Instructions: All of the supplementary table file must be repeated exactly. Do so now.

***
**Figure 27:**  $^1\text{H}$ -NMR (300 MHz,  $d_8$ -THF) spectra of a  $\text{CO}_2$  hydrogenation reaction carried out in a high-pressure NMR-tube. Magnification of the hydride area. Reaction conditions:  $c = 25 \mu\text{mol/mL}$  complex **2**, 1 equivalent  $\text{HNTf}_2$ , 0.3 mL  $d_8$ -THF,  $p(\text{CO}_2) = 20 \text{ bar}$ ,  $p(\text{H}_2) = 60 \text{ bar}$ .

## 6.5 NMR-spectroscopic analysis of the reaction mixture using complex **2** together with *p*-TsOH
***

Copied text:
**Figure 27:**  $^1\text{H}$ -NMR (300 MHz,  $d_8$ -THF) spectra of a  $\text{CO}_2$  hydrogenation reaction carried out in a high-pressure NMR-tube. Magnification of the hydride area. Reaction conditions:  $c = 25 \mu\text{mol/mL}$  complex **2**, 1 equivalent  $\text{HNTf}_2$ , 0.3 mL  $d_8$ -THF,  $p(\text{CO}_2) = 20 \text{ bar}$ ,  $p(\text{H}_2) = 60 \text{ bar}$ .

## 6.5 NMR-spectroscopic analysis of the reaction mixture using complex **2** together with *p*-TsOH